Using data to enhance customer journeys and increase conversions

Helen Hawkins Written by Helen Hawkins

6 min read   -  7th July, 2023

Using data to enhance customer journeys and increase conversions

You’ve developed your ecommerce site, and customers are coming through the funnel but the journey (excuse the pun!) shouldn’t end there. This is just the start. Finding out what is pulling people into the journey, causing them to drop out of it before they purchase, as well as what is driving conversions, are all key to any digital marketing strategy. That’s where customer journey analytics comes in.

We’ll take a deep dive into using data to enhance your customer journey and drive increased conversions.

  1. What is a customer journey?
  2. Customer journey analytics
  3. What is the data telling you?
  4. What’s customer experience data?
  5. How to use journey analytics to improve conversions

What is a customer journey?

This seems like an obvious one but bear with us. It’s quite literally the ‘journey’ a customer has to go on to purchase your service or product (and hopefully repeat it). It should include all the steps they take along the way. Obvious ones like filling out their address details or specifying a particular size and quantity. However, it doesn’t just start with the purchase process, it should begin before that.

Customer journey analytics

This data doesn't just start at entering your landing page and stop at the online checkout. This can be from the first touchpoint - which could be an app to future purchases. It’s an overarching term for the multiple touchpoints within the journey. With GA4 Reports you can now track across channels so you have a more joined-up view of your customer journey.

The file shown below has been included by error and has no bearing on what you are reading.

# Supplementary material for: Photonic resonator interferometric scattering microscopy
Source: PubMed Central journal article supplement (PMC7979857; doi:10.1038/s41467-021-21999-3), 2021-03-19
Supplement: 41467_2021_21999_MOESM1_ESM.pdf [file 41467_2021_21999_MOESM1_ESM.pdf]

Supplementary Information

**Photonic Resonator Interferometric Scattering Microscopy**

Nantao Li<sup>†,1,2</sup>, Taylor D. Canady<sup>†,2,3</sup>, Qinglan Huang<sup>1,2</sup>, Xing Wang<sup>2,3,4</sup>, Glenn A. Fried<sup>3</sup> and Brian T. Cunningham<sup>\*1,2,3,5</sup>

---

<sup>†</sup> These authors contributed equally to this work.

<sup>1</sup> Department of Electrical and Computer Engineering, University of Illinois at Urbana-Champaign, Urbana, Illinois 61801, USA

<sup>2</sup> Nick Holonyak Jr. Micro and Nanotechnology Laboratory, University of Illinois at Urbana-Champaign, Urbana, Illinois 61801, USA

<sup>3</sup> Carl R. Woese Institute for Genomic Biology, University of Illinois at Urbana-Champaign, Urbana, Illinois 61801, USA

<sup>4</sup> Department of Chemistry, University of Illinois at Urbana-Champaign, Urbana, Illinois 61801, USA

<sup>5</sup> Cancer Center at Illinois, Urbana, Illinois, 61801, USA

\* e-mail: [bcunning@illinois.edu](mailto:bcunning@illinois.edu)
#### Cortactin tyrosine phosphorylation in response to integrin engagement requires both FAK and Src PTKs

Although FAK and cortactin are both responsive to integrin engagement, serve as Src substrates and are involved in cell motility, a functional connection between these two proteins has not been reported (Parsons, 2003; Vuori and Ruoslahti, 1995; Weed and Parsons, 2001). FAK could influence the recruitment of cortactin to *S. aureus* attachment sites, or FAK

If you’re not funnelling users into the journey in the first place, you’ll be in trouble, so that should be where you start your tracking and analysis.

What is the data telling you?

With so much data at your fingertips, what do you focus on? The key is to identify where the holes are. Imagine your journey as an inner tube - you’ve got punctures and you need to find them to be able to ride your bike again. A big caveat here, it’ll be different for every business but if you’re a B2C selling online then these rules generally apply.

Important stages to monitor and ensure you have the right tracking on (and what they mean) are:

1. Landing page to journey entry point

This shows you whether your landing page is doing a good job of getting your users to seriously consider purchasing. You should monitor this over time to see any fluctuations. Some will be normal seasonal changes, others might mean something you changed on your landing page isn’t working. Use Google Trends to match up data on what you’re seeing vs. the market at large.

Journey entries/landing page sessions - for example if you had 100 journey entries and 1000 landing page sessions = 0.10. Expressed as a percentage = 10%

2. Journey entries to basket

This gives you an overview of the whole journey that you can use to make a quick comparison if measured over time. If you see any differences, either way, you can then drill down into the individual journey steps.